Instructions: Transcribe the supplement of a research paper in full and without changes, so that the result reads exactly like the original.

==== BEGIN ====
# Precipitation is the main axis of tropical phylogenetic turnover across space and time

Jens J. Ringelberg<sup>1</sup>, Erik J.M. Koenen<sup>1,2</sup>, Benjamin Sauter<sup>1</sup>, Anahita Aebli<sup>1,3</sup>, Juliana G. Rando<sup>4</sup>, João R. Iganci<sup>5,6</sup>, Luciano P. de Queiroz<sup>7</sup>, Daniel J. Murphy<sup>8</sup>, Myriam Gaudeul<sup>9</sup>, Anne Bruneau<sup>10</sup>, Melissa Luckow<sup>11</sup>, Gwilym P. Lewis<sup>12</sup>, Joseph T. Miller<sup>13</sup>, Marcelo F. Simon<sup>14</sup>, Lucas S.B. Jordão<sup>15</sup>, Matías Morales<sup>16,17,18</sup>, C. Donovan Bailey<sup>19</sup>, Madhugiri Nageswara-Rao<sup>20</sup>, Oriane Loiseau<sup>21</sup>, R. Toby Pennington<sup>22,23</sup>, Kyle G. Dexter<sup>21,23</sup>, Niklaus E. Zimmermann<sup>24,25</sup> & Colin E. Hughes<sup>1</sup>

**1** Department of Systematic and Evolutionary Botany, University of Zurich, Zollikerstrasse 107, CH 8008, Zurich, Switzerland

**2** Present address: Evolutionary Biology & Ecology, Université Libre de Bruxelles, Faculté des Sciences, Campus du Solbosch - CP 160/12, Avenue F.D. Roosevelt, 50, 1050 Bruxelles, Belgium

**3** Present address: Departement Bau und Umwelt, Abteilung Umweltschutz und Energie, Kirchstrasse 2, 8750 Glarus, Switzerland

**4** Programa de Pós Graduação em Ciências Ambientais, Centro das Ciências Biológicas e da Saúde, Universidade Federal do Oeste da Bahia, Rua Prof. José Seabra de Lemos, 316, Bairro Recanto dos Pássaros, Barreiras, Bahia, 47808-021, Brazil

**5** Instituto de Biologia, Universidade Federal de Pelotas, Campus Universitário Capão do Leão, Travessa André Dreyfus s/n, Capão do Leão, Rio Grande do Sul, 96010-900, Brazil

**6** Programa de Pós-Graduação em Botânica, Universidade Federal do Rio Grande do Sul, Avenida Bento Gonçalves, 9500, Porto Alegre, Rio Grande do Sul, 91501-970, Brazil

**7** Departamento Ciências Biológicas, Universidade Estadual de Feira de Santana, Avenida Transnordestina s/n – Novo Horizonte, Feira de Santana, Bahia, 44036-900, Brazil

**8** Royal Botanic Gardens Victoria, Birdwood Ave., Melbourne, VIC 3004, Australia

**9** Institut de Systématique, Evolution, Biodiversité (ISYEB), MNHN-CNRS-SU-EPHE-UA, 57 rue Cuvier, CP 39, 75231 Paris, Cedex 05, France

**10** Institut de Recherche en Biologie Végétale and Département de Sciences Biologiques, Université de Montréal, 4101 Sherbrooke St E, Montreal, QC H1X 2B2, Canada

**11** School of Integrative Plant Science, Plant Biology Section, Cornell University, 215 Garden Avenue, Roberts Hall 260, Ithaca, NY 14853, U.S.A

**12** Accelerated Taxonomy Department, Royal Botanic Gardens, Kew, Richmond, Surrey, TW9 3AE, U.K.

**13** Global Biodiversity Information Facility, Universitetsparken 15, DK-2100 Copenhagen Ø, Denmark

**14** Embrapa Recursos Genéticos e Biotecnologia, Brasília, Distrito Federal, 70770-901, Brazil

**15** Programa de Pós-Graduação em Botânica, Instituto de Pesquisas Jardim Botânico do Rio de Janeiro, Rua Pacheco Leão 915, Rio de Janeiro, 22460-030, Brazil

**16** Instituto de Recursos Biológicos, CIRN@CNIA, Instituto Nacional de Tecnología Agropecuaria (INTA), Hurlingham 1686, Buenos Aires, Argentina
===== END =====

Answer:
# Precipitation is the main axis of tropical phylogenetic turnover across space and time

Jens J. Ringelberg<sup>1</sup>, Erik J.M. Koenen<sup>1,2</sup>, Benjamin Sauter<sup>1</sup>, Anahita Aebli<sup>1,3</sup>, Juliana G. Rando<sup>4</sup>, João R. Iganci<sup>5,6</sup>, Luciano P. de Queiroz<sup>7</sup>, Daniel J. Murphy<sup>8</sup>, Myriam Gaudeul<sup>9</sup>, Anne Bruneau<sup>10</sup>, Melissa Luckow<sup>11</sup>, Gwilym P. Lewis<sup>12</sup>, Joseph T. Miller<sup>13</sup>, Marcelo F. Simon<sup>14</sup>, Lucas S.B. Jordão<sup>15</sup>, Matías Morales<sup>16,17,18</sup>, C. Donovan Bailey<sup>19</sup>, Madhugiri Nageswara-Rao<sup>20</sup>, Oriane Loiseau<sup>21</sup>, R. Toby Pennington<sup>22,23</sup>, Kyle G. Dexter<sup>21,23</sup>, Niklaus E. Zimmermann<sup>24,25</sup> & Colin E. Hughes<sup>1</sup>

**1** Department of Systematic and Evolutionary Botany, University of Zurich, Zollikerstrasse 107, CH 8008, Zurich, Switzerland

**2** Present address: Evolutionary Biology & Ecology, Université Libre de Bruxelles, Faculté des Sciences, Campus du Solbosch - CP 160/12, Avenue F.D. Roosevelt, 50, 1050 Bruxelles, Belgium

**3** Present address: Departement Bau und Umwelt, Abteilung Umweltschutz und Energie, Kirchstrasse 2, 8750 Glarus, Switzerland

**4** Programa de Pós Graduação em Ciências Ambientais, Centro das Ciências Biológicas e da Saúde, Universidade Federal do Oeste da Bahia, Rua Prof. José Seabra de Lemos, 316, Bairro Recanto dos Pássaros, Barreiras, Bahia, 47808-021, Brazil

**5** Instituto de Biologia, Universidade Federal de Pelotas, Campus Universitário Capão do Leão, Travessa André Dreyfus s/n, Capão do Leão, Rio Grande do Sul, 96010-900, Brazil

**6** Programa de Pós-Graduação em Botânica, Universidade Federal do Rio Grande do Sul, Avenida Bento Gonçalves, 9500, Porto Alegre, Rio Grande do Sul, 91501-970, Brazil

**7** Departamento Ciências Biológicas, Universidade Estadual de Feira de Santana, Avenida Transnordestina s/n – Novo Horizonte, Feira de Santana, Bahia, 44036-900, Brazil

**8** Royal Botanic Gardens Victoria, Birdwood Ave., Melbourne, VIC 3004, Australia

**9** Institut de Systématique, Evolution, Biodiversité (ISYEB), MNHN-CNRS-SU-EPHE-UA, 57 rue Cuvier, CP 39, 75231 Paris, Cedex 05, France

**10** Institut de Recherche en Biologie Végétale and Département de Sciences Biologiques, Université de Montréal, 4101 Sherbrooke St E, Montreal, QC H1X 2B2, Canada

**11** School of Integrative Plant Science, Plant Biology Section, Cornell University, 215 Garden Avenue, Roberts Hall 260, Ithaca, NY 14853, U.S.A

**12** Accelerated Taxonomy Department, Royal Botanic Gardens, Kew, Richmond, Surrey, TW9 3AE, U.K.

**13** Global Biodiversity Information Facility, Universitetsparken 15, DK-2100 Copenhagen Ø, Denmark

**14** Embrapa Recursos Genéticos e Biotecnologia, Brasília, Distrito Federal, 70770-901, Brazil

**15** Programa de Pós-Graduação em Botânica, Instituto de Pesquisas Jardim Botânico do Rio de Janeiro, Rua Pacheco Leão 915, Rio de Janeiro, 22460-030, Brazil

**16** Instituto de Recursos Biológicos, CIRN@CNIA, Instituto Nacional de Tecnología Agropecuaria (INTA), Hurlingham 1686, Buenos Aires, Argentina